Festival International de Jazz de Montreal 2005, Day 1
For those who have never heard the tabla, or heard it in expert hands, it is a remarkable instrument. It can be tapped, petted, stroked, caressed, hit, pounded, rubbed or poked, each technique resulting in a wonderful new sound. Taken together, the tabla can be as expressive as any chordal or more traditionally melodic instrument. Towards the end of the "piece (called that because Khan would always revisit the same melody either at the beginning of his lead section or as counterpoint to Hussain's musings), Hussain played while explaining "the language of the tabla. He demonstrated how the instrument talks (a funny example of an exchange between a mother and her coming-home-too-late son, complete with slaps across the face) or can be descriptive. He recreated Indian rush hourwith trucks, scooters, cars, dogs and elephantand the obviously resultant traffic jam. He made his drums sound like a galloping horse (quoting the "Lone Ranger theme song in the process), a moving train and a jumping deer.
This was not only musically fascinating, it was a helpful touch for those who may not have been aware that that the instrument is considered much more than just a percussive tool. Hussain's humorous teaching showed why André Menard, one of the organizers of the festival, introduced him by saying it was a long-held dream to have Hussain play at the festival as part of the invited series. The exultant set ended with an Indian folk tune from Khan's native region featuring his plaintive vocals. Your correspondent was wowed, the duo was given a standing ovation and this portion of the festival programming started off wonderfully.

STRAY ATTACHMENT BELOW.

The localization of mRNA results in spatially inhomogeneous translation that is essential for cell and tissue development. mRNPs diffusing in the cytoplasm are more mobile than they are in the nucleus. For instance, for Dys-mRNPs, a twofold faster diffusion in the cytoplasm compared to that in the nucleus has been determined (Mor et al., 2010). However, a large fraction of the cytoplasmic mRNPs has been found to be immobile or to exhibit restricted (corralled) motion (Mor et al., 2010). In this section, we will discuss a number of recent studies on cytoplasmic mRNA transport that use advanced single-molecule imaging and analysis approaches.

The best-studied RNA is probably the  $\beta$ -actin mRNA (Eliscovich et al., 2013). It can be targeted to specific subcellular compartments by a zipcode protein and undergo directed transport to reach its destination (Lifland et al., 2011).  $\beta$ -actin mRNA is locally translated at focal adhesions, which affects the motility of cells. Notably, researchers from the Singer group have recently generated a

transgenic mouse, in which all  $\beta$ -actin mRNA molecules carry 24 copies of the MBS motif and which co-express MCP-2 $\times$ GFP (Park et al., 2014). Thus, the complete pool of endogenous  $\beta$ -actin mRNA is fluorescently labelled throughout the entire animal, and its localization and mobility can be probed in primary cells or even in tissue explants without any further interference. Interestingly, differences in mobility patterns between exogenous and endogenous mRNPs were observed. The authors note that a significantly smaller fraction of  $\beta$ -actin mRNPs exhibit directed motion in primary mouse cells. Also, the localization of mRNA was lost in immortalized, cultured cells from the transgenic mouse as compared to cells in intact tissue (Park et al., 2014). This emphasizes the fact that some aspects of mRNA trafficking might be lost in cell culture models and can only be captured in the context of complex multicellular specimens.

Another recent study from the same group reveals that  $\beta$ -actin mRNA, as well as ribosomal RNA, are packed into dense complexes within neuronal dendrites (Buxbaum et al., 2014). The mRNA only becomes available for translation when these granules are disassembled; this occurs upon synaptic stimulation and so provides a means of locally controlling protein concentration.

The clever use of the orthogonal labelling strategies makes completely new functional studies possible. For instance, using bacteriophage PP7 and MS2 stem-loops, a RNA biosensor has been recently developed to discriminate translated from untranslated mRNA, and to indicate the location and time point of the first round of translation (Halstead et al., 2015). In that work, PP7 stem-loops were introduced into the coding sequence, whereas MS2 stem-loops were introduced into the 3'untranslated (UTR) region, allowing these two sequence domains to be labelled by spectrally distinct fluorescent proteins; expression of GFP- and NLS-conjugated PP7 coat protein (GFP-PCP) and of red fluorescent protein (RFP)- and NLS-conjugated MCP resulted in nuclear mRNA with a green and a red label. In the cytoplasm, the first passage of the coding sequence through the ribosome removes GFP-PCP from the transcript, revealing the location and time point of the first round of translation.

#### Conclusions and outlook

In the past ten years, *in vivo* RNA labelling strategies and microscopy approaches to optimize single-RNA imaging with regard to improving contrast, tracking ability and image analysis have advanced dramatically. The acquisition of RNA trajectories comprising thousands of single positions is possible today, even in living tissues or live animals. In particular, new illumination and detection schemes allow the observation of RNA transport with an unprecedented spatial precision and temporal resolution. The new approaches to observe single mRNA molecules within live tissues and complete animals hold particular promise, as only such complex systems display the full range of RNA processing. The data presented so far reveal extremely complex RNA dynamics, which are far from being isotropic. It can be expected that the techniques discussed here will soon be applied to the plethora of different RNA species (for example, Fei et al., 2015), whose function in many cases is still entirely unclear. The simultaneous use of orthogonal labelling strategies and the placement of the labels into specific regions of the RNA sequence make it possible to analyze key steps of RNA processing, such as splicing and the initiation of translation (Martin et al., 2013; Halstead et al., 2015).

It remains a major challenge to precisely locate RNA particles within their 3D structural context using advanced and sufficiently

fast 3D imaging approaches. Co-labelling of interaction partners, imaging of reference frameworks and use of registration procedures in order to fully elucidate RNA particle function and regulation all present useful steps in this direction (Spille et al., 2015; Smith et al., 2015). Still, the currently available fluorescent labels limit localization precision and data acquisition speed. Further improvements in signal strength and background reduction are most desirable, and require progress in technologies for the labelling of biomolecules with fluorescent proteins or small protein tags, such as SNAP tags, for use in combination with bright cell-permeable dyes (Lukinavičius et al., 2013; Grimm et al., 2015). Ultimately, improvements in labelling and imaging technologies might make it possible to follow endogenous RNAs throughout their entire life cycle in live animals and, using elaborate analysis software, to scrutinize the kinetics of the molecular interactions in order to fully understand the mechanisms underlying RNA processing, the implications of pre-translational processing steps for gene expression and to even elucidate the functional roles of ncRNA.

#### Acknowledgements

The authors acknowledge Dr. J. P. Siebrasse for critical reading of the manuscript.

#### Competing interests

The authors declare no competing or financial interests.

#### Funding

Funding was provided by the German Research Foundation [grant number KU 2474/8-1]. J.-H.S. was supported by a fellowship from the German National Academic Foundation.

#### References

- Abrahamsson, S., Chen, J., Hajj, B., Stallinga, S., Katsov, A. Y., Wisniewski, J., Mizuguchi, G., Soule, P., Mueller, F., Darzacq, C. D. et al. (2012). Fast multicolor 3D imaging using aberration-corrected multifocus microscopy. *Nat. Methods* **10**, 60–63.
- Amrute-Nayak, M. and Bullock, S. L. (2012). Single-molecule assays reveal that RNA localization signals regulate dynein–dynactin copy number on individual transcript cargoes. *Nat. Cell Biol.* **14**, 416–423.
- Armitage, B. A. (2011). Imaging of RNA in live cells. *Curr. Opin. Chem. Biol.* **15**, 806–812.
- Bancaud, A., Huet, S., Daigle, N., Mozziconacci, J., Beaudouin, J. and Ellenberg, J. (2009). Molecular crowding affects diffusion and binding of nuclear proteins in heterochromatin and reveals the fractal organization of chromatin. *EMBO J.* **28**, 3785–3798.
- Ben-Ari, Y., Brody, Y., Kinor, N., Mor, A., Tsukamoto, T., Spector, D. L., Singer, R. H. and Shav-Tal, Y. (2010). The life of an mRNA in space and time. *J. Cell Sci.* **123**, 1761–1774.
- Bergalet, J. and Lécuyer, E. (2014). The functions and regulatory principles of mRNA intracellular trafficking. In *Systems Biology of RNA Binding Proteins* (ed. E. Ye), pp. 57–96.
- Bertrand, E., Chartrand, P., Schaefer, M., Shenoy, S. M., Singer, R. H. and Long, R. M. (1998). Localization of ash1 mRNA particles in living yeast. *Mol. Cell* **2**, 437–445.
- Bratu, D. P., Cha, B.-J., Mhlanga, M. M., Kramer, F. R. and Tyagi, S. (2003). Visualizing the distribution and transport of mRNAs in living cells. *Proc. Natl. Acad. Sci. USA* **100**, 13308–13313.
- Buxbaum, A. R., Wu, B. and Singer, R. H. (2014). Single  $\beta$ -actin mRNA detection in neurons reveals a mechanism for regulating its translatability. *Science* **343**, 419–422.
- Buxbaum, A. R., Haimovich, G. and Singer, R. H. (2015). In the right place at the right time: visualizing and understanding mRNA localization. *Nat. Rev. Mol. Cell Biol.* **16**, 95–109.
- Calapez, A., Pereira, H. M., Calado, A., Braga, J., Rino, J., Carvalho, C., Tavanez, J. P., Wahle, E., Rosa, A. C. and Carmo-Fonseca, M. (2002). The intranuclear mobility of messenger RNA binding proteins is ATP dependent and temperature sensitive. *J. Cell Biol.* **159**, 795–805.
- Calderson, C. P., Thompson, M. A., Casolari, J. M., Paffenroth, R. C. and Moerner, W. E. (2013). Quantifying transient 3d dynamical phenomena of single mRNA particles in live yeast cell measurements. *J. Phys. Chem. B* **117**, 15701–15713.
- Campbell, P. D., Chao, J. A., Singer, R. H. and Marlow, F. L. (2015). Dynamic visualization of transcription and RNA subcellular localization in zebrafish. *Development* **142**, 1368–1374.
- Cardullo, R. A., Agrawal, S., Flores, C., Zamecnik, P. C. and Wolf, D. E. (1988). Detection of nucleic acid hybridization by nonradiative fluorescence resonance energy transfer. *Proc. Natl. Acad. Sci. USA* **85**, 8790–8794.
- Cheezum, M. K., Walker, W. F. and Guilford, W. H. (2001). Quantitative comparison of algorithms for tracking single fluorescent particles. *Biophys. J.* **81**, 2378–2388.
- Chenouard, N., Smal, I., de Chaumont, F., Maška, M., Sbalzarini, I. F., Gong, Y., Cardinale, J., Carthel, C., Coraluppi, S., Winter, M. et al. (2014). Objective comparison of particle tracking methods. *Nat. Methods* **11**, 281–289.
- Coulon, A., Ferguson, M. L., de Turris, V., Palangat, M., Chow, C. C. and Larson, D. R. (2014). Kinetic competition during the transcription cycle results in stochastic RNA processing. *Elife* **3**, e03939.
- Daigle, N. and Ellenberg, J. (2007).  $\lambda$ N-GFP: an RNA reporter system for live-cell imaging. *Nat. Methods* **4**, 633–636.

The other show of the evening was Octurn, an octet which were compared in the festival program to Miles Davis' Bitches Brew. Your correspondent was drawn into jazz at an early age by that album so that was enough of an endorsement to check out this otherwise unknown (to me) band. Everyone knows the story of Miles' fusion experiments and how they changed the face of jazz in the '70s. Any group though that tries to nod in that direction though has to also take into account what the legacy of Bitches Brew isacid jazz and '80s vamp-based funk jams.
Octurn, a pianist, a Fender Rhodes player, electric bassist, drummer, baritone and alto players, trumpeter and guitarist, seem to take all the energetic elements of fusion and replace them with a polite sonic wash, creating the musical equivalent of vanilla pudding. Though the bassist and drummer were the most locked in, their insistent funk lines and jazz break beats didn't allow the music to breathe at all, the antithesis of Miles' own raucous groups. The group lacked a defined lead voice and spent most of their time meandering and playing uninspired solos (particularly the superfluous guitarist) rather than coalescing into a vibrant sound.
Leaving this show to rest up for the next day of the festival (at least three shows daily for the rest of your correspondent's stay), the late night free concert at the Scene General Motors (the largest of the free stages and site of the final festival blowout) seemed intriguing. Jaipur Kawa Brass Band exemplified what the festival programmers try to do with the public performances.
The ten-piece Indian "big band played Eastern and far Eastern music; some members danced and did what could loosely be described as "acrobatics . Dressed in ceremonial outfits, they drew a large crowd on a slightly humid night, most of which, including your correspondent, probably never had seen anything similar. Though it was difficult to appreciate the subtleties of their performance in the midst of the large crowd, the party-like atmosphere and the site of so many people listening to this obscure music was heartening. Another fine day at the Montreal Jazz Festival.
Continue: Day 2